Even in a less crowded council meeting, the cat issue within the village is still an issue. The judiciary committee had met prior to the meeting in June to discuss the issue and how to control the cat population as well as dealing with the trapping, complaints and transportation of the cats either to the owners’ home or the Humane Society.
[emember_protected custom_msg=”Full content protected for online subscribers. Purchase a one week subscription from the top menu bar for just $1.99 to read all online content (full access). Longer subscription plans are also available. Subscriptions cover our costs to attend local events; bringing forth Hometown News Coverage to our communities.”]
The judiciary committee will be seeking the legal route with the village solicitor to appropriate a resolution to deal with the feral cats within the village. It is hopeful that with a resolution in place, the issue will be at bay.
In that meeting, the committee outlined several points for the resolution to state that live traps can be offered to residents to trap a stray cat after complaint is lodged with the police department. Upon trapping the cat, if the cat has an identification tag, there will be an attempt to contact the owner and then taken to the Humane Society. If there is no identification tag, the cat will be taken directly to the Humane Society. The committee is also asking for a fund to be appropriated to cover any fees that the village could incur and for the village to have available identification tags for the cats.
It was noted by Carol Feehan that the Humane Society offers a spay/neuter program for a nominal fee on the fourth Thursday of every month.
Village Administrator St. John stated that he has had contact with Lisa Stalter of the Humane Society regarding the identification tags and the village having them available for purchase. St. John stated that Lisa does not recommend the tags as she has seen other communities spend the money to have them available, and yet not very many residents utilize them for their intended purpose.
According to law, once a cat is caught and taken to the Humane Society, it becomes the property of the village if it does not have identification. After the three days, the cat is spayed or neutered, respectively, and then offered for adoption or taken to local farmers that take in stray cats to keep as barn cats.
According to the ORC per Chief Schlosser, once someone feeds a animal, they take ownership.
Is the trapping and controlling pet population the responsibility of the village? Or is it the responsibility of the local Humane Society to control trappings and population? Or should the residents take the responsibility of their pets, whether they are obtained by choice or kindness of their hearts?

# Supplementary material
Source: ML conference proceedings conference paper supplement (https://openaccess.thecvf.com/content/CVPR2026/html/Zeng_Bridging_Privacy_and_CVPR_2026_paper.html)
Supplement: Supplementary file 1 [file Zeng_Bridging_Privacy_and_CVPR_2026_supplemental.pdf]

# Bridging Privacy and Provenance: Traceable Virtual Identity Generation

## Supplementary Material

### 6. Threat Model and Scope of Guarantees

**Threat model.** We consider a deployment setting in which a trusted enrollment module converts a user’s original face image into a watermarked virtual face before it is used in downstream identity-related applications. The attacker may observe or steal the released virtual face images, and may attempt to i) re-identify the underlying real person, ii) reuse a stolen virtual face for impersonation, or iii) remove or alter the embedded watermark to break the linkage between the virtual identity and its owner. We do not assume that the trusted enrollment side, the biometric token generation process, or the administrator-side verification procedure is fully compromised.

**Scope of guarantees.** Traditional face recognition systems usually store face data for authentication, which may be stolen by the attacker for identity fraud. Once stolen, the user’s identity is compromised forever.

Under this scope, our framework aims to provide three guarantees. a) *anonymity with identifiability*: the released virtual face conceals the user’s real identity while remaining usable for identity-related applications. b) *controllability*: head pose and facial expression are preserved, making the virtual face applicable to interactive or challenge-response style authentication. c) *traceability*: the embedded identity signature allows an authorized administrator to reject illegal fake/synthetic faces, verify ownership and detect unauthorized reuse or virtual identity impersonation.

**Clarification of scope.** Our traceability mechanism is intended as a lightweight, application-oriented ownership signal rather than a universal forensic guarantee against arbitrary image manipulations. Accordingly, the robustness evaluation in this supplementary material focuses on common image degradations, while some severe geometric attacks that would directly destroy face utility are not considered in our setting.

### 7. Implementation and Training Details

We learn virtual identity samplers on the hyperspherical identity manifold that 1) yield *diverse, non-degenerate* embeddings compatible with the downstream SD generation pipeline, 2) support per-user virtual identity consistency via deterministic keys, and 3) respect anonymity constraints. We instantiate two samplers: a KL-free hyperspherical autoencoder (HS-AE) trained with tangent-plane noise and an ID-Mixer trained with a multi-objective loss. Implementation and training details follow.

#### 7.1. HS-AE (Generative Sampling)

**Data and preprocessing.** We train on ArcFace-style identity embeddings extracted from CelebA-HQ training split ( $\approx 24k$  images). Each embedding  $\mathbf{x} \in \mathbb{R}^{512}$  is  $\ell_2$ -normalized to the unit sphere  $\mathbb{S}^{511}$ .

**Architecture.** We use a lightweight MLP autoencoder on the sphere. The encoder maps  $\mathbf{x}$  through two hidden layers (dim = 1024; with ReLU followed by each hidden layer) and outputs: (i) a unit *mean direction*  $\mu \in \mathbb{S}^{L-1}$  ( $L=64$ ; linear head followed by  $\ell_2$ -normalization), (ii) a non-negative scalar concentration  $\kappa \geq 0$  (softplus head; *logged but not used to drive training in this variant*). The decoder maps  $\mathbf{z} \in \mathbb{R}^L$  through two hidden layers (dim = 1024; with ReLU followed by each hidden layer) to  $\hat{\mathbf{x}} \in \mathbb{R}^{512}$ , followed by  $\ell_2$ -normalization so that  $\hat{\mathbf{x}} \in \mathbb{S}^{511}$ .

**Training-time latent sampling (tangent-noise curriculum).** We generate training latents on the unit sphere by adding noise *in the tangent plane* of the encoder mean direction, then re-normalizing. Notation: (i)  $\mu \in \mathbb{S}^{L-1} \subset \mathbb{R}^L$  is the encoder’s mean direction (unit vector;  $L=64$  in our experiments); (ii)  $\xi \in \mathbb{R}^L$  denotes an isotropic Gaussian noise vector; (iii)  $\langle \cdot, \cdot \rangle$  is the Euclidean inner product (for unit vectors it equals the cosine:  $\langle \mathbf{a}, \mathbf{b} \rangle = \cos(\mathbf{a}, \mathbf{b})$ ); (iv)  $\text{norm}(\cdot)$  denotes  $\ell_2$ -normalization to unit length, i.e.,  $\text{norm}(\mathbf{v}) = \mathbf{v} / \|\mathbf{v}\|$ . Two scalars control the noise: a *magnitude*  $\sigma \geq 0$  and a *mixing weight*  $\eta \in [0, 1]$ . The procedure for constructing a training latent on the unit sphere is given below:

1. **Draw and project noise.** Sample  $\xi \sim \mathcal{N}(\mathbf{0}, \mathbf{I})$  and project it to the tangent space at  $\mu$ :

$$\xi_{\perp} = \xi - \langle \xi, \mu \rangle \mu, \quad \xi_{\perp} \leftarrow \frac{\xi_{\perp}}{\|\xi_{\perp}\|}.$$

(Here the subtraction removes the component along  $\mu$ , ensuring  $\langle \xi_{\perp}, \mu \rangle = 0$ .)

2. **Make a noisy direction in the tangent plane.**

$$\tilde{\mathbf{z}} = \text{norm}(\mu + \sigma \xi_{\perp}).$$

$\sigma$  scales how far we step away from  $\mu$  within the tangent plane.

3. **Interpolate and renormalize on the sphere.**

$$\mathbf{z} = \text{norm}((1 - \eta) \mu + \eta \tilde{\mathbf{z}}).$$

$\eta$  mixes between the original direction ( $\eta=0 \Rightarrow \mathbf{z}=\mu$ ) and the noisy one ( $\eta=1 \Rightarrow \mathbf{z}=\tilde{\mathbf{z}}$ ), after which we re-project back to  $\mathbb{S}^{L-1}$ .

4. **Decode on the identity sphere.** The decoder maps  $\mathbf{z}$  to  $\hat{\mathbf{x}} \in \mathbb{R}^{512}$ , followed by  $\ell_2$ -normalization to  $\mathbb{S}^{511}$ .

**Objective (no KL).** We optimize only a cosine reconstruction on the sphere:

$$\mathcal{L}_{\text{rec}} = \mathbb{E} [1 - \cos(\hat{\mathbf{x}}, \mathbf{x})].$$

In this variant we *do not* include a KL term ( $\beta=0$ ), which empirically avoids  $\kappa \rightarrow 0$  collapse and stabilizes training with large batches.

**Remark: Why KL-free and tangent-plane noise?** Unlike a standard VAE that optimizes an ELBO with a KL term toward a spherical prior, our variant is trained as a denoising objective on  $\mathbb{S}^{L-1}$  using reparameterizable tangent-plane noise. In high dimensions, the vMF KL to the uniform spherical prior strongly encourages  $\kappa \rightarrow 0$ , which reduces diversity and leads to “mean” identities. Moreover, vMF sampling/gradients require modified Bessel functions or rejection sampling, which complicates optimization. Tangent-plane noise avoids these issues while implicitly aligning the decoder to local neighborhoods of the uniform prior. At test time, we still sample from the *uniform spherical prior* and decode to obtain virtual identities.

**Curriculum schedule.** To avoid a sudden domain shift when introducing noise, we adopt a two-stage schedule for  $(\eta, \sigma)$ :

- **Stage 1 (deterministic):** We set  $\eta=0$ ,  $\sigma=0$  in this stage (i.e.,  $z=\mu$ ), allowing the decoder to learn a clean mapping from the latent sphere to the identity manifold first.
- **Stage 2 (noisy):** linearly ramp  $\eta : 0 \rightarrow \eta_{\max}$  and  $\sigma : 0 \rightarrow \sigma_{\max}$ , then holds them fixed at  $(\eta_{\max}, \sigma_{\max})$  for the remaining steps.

Mayor Hughes cheerfully announced to the council that the general fund and budget has been reviewed by himself, Bethany Clemens, and Village Administrator Gary St. John to note that the village is currently in good financial standing. The overall report states that the village is approximately 59% for the remainder of the year.
“All the department heads have done a tremendous job in watching their budget and spending just what needs to be spent and not getting a lot of luxury type items, and that makes a big difference,” states Hughes. “Although I realize when the budget was presented there were people that weren’t very happy with it. Sometimes it’s just what we have to do. Everyone has just pitched in and done what they need to do to get us through.”
The trustees of the Stryker Fire Department have been in loan negotiations with their attorneys to secure funds to purchase and house the fire department in the old T&M Supply building on Depot Street. St. John approached council with numbers from the trustees of $211,000 that they are asking the village to give out of the general fund.
The funds are being negotiated, but they are asking for a 20 year commitment with a monthly payment of just under $900 per month.
It was stated that the trustees feel the village should have a moral obligation to contribute the money that was once discussed by council “back in the day” when that council had met in executive session to discuss land purchase/acquisition.
As discussion start, a few members express their thoughts with the length of time, amount of money, and how the projected budget looks to handle the village in years to come.
Council will remain in discussion to determine the amount of money that will be donated to the trustees and the new fire hall.
In other village news:
- Chief Schlosser informed council that the K-9 unit certification is “all set” and only waiting for the OPATA certificate to be able to put the new officer in service
- Chief Schlosser informed council there was an attempted burglary, but was thwarted by a village resident. With no official neighborhood watch program in place, the Chief stated that he depends on the citizens to report activity to take action in some cases
- The new pump for the lift station is ready to be replaced by Woolace Electric
- Resolution passed to accept the amounts and rates as determined by the budget commission and authorizing the necessary tax levies and certifying them to the county auditor
- Ordinance passed to amend section 5.13 of the Village Personnel policy and procedure manual to include an employee retirement incentive plan
- Mayor Hughes announced to council that the charges pending against him (2012) have been dropped by the court system
Council will meet again in regular session on August 12th at 6 p.m. in the village hall.
© 2013 – 2016, The Village Reporter and/or Associated Press (AP). All rights reserved. This material may not be published, broadcast, rewritten, or redistributed.